Kevin Casey remembers the day like it was yesterday, as anybody would. It’s not every day that you meet “The Greatest,” Muhammad Ali, but this wasn’t a gym visit from the legendary heavyweight champion or a media event. It was Thanksgiving, and he was about to be in the same room with the man who was going to be his father-in-law for the first time.
“It was this unbelievable feeling,” Casey said. “It was hard to even look directly at him. I literally felt the energy coming off of him.”
Soon, Casey and Ali were sitting together, watching fight tapes.
“I’m still not looking directly at him,” he laughs. “I’m looking out of the side of my eye and I see him and he’s throwing punches, and it’s great.”
It got better.
“About an hour into being there, my wife, Hana, her best friend is Kenisha Norton, daughter of Ken Norton, and then there’s a knock at the door, and Ken Norton walks in. They moved to the card table, and there’s Muhammad Ali and Ken Norton playing cards together. It was an unreal feeling.”
Being the son-in-law of one of the greatest boxers who ever lived is a great thing. It also has to be a lot of pressure for someone who is a prizefighter by trade. Add in that Casey’s jiu-jitsu mentor is Rickson Gracie, and there’s really no room to be average. But Casey – who can also count the likes of Anderson Silva and Lyoto Machida as training partners from over the years - refuses to let being surrounded by greatness be a burden. He has another word for it.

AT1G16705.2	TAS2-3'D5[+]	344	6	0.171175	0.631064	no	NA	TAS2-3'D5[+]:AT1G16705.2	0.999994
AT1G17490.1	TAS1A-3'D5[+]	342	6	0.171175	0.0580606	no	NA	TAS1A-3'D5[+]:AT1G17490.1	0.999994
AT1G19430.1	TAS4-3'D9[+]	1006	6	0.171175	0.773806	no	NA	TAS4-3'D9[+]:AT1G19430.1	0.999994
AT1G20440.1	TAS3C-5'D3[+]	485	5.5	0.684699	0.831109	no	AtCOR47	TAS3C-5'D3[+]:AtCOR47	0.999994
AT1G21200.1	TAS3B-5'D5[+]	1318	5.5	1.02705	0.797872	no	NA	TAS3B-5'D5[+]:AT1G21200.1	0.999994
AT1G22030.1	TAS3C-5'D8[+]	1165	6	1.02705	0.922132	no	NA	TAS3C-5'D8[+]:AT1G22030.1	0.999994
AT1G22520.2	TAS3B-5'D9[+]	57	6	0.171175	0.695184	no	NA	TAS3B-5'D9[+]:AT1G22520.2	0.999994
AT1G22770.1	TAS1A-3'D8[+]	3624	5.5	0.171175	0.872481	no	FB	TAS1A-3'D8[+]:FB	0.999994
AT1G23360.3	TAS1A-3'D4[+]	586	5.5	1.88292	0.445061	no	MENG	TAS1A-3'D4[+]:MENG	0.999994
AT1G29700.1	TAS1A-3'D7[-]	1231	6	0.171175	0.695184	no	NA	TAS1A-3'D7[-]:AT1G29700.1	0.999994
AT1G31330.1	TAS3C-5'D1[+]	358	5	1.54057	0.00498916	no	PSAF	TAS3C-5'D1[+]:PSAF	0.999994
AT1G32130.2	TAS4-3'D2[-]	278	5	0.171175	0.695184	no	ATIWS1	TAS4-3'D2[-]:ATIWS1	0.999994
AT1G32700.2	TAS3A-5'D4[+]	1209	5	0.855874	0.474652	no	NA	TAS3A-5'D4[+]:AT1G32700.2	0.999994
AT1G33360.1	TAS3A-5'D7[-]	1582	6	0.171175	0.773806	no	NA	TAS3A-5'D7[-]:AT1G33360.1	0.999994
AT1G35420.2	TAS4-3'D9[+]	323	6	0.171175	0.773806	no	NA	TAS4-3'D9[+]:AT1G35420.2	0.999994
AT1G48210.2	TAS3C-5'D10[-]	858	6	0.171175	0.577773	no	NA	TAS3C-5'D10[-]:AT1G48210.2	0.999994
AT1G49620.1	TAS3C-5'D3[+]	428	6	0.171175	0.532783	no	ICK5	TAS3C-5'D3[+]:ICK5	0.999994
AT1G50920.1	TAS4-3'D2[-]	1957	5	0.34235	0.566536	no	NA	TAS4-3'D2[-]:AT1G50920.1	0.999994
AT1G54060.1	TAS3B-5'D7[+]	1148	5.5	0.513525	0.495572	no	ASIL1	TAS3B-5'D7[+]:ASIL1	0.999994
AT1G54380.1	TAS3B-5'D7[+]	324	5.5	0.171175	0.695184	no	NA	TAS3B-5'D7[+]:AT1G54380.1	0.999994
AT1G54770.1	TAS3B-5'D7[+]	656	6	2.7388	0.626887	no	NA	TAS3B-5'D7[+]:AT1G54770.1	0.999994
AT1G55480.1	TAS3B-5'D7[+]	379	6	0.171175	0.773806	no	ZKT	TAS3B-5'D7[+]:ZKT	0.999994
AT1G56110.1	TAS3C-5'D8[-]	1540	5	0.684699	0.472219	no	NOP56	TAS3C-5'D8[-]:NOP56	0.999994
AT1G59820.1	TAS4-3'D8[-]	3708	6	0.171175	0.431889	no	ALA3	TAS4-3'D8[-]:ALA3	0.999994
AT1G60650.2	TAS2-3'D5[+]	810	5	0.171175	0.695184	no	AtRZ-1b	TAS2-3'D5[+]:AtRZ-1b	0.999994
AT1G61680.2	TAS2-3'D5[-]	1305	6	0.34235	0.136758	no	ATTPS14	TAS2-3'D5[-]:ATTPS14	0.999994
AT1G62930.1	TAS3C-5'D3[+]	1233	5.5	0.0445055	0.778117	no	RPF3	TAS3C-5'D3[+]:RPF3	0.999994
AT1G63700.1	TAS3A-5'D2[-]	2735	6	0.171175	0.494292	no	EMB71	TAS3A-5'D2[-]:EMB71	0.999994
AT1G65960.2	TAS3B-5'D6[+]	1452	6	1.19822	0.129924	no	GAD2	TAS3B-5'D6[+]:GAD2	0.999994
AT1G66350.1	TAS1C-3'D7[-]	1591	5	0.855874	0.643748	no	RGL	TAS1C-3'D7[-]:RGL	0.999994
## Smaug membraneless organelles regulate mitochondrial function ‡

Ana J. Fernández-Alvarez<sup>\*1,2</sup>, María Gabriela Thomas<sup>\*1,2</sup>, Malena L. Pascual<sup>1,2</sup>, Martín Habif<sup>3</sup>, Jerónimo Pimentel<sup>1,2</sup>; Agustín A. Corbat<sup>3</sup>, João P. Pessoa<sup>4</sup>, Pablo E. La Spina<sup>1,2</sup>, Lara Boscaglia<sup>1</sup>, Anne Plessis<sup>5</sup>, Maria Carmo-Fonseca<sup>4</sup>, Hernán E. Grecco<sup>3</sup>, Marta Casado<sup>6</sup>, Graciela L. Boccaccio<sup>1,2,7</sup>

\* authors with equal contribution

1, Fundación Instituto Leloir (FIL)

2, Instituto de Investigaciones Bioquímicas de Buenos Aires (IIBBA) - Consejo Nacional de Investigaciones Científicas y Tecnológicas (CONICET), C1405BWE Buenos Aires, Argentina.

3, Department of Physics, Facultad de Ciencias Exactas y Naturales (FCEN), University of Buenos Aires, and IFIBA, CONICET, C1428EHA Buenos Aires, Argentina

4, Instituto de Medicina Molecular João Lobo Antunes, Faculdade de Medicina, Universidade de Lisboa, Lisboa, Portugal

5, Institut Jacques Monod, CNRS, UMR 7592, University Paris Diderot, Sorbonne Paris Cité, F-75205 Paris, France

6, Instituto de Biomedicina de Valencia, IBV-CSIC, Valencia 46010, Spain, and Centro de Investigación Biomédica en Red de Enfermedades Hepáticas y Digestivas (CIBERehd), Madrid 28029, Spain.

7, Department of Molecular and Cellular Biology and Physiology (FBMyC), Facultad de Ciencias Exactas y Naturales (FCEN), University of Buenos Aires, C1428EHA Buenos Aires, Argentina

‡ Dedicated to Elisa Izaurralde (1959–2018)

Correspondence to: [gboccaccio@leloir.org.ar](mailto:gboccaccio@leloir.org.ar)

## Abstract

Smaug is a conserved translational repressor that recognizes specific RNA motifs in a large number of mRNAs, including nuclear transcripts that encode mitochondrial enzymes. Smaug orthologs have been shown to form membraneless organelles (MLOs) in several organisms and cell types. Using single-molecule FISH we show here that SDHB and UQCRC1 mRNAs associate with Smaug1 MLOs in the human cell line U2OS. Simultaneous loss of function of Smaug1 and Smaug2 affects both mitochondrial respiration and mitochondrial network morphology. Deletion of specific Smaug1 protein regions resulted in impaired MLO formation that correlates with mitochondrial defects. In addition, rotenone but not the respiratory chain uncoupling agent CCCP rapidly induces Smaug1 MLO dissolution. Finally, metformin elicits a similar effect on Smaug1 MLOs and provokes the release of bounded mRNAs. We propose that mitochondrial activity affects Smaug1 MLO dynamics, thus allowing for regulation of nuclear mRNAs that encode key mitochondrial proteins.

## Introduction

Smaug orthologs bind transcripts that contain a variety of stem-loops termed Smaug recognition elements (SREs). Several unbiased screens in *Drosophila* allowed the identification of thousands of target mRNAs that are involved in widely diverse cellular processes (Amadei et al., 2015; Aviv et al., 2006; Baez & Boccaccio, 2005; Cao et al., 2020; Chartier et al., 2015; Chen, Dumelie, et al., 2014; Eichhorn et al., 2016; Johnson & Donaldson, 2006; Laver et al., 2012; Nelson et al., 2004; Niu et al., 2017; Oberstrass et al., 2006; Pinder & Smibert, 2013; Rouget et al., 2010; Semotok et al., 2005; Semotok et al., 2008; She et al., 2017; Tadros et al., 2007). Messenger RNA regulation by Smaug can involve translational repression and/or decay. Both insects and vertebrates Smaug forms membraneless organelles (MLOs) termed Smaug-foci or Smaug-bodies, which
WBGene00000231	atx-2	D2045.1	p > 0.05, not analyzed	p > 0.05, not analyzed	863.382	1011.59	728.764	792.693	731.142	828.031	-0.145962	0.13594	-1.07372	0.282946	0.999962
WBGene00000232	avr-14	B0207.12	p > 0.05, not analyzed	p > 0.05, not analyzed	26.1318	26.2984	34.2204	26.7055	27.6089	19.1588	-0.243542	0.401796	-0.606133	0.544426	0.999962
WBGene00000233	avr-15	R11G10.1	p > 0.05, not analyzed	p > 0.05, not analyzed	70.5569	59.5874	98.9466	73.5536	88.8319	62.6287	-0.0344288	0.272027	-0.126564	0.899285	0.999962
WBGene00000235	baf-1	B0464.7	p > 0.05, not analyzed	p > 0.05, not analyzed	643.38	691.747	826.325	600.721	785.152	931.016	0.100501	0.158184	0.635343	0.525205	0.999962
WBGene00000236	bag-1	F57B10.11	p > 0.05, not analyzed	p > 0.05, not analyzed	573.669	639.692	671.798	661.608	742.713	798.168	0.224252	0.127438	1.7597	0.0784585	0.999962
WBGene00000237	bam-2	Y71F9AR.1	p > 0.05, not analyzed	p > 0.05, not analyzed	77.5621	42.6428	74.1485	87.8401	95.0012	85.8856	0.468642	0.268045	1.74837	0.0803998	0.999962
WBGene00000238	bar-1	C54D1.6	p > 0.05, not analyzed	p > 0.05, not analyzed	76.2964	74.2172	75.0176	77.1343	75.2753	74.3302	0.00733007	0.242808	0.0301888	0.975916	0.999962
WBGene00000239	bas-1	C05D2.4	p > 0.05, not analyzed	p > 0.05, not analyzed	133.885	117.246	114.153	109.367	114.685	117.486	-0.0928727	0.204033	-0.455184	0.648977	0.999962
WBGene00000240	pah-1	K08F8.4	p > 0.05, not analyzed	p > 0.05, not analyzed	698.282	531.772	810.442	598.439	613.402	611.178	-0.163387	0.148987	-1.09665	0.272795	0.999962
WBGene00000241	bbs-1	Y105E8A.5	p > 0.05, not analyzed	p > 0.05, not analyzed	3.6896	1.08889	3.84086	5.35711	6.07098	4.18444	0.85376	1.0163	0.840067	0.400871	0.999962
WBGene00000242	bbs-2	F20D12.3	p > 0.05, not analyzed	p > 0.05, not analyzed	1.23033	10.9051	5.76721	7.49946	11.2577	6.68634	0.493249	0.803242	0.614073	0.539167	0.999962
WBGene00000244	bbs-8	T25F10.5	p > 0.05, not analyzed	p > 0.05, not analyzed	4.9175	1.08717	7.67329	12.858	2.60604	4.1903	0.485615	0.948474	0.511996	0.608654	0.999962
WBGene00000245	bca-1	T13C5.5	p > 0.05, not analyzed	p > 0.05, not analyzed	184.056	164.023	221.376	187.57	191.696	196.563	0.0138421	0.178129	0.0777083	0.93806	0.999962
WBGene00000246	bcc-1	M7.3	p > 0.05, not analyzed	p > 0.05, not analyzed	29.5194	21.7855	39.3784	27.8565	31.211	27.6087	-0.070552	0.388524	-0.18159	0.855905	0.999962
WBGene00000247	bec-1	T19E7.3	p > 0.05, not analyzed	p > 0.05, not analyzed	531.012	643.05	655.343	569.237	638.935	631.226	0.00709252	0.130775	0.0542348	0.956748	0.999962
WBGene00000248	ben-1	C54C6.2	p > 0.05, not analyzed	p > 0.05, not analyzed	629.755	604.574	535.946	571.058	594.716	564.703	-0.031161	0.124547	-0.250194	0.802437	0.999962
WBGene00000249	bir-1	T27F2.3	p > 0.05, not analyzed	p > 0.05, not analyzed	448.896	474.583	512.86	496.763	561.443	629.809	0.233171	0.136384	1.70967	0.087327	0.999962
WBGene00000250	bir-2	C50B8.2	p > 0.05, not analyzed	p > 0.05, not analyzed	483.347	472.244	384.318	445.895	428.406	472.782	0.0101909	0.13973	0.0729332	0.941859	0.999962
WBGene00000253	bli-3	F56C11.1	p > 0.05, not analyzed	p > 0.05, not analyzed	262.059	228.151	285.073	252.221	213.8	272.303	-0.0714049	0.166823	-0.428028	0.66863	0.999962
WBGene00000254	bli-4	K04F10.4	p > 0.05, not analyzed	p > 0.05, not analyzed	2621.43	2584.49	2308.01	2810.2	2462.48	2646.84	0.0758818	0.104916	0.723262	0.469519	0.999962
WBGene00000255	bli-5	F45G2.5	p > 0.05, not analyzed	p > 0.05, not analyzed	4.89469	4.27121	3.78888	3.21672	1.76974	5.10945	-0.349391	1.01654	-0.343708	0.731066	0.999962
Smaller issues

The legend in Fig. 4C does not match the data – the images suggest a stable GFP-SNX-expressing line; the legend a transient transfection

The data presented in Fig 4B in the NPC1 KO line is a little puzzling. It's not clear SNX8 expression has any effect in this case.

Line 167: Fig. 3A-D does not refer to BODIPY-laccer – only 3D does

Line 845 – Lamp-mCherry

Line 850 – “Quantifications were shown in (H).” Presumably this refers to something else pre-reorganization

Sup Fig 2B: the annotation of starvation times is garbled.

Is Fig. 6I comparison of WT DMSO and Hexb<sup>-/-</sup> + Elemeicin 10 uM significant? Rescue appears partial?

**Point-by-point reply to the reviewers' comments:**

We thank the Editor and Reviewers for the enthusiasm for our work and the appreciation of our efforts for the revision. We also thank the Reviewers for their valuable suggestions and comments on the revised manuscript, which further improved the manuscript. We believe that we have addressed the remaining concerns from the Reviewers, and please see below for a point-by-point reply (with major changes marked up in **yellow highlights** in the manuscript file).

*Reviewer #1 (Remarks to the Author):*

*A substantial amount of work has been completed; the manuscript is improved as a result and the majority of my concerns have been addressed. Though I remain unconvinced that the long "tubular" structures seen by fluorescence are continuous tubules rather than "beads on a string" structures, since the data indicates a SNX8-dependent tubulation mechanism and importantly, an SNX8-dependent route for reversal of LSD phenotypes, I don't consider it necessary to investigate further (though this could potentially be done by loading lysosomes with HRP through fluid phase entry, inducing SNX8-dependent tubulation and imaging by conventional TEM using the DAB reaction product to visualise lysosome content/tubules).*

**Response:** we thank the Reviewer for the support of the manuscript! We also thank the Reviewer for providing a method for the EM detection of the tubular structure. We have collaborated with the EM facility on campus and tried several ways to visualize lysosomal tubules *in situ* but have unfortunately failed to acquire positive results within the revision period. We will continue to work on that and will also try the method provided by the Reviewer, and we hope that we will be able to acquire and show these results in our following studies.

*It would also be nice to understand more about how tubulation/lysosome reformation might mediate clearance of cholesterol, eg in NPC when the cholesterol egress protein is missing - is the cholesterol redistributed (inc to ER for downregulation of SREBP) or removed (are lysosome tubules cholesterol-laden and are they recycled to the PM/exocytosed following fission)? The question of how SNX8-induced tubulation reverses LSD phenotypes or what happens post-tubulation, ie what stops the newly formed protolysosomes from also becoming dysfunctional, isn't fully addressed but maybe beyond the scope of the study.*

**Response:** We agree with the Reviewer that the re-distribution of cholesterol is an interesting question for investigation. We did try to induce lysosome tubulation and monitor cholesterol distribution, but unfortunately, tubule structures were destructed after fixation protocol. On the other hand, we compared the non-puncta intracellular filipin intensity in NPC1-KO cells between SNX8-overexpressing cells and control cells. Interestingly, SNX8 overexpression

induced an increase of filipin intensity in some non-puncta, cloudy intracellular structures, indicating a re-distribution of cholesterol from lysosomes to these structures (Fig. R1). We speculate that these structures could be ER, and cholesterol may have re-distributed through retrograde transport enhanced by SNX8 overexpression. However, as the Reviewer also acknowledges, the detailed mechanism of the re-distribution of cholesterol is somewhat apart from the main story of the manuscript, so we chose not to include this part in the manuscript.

“If I had to put it into one word, I would just say ‘blessed,’” he said. “I think sometimes there are things that happen in your life that make you have an understanding that you’re serving some sort of purpose, that you have some sort of mission or something to accomplish that’s greater than yourself. And that’s the feeling that I’ve gotten because of my position in the universe. I know I have to go out there and represent.”
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That wasn’t always the case for the 34-year-old middleweight, who clearly had the talent to succeed, but didn’t always put everything together the way many expected him to.
“I think in the beginning of my career, those things put so much pressure on me that I wanted to do my best and I didn’t want to lose, and I almost held myself back from my full potential,” Casey said. “So being a more mature fighter now and having more experience in dealing with the life and dealing with the pressure and the negative things that surround the fight game, and learning how to evolve mentally in order to be present on the day of the event and go put forth my best performance, that has been my evolution and my way of handling this expectation that I ultimately put on myself. These people have already solidified their legacy. There’s nothing I can do to make their legacy greater or take away from their legacy. All I can do is go out there and secure my own.”
"If I had to put it into one word, I would just say ‘blessed,.I think sometimes there are things that happen in your life that make you have an understanding that you’re serving some sort of purpose, that you have some sort of mission or something to accomplish that’s greater than yourself." -- Kevin Casey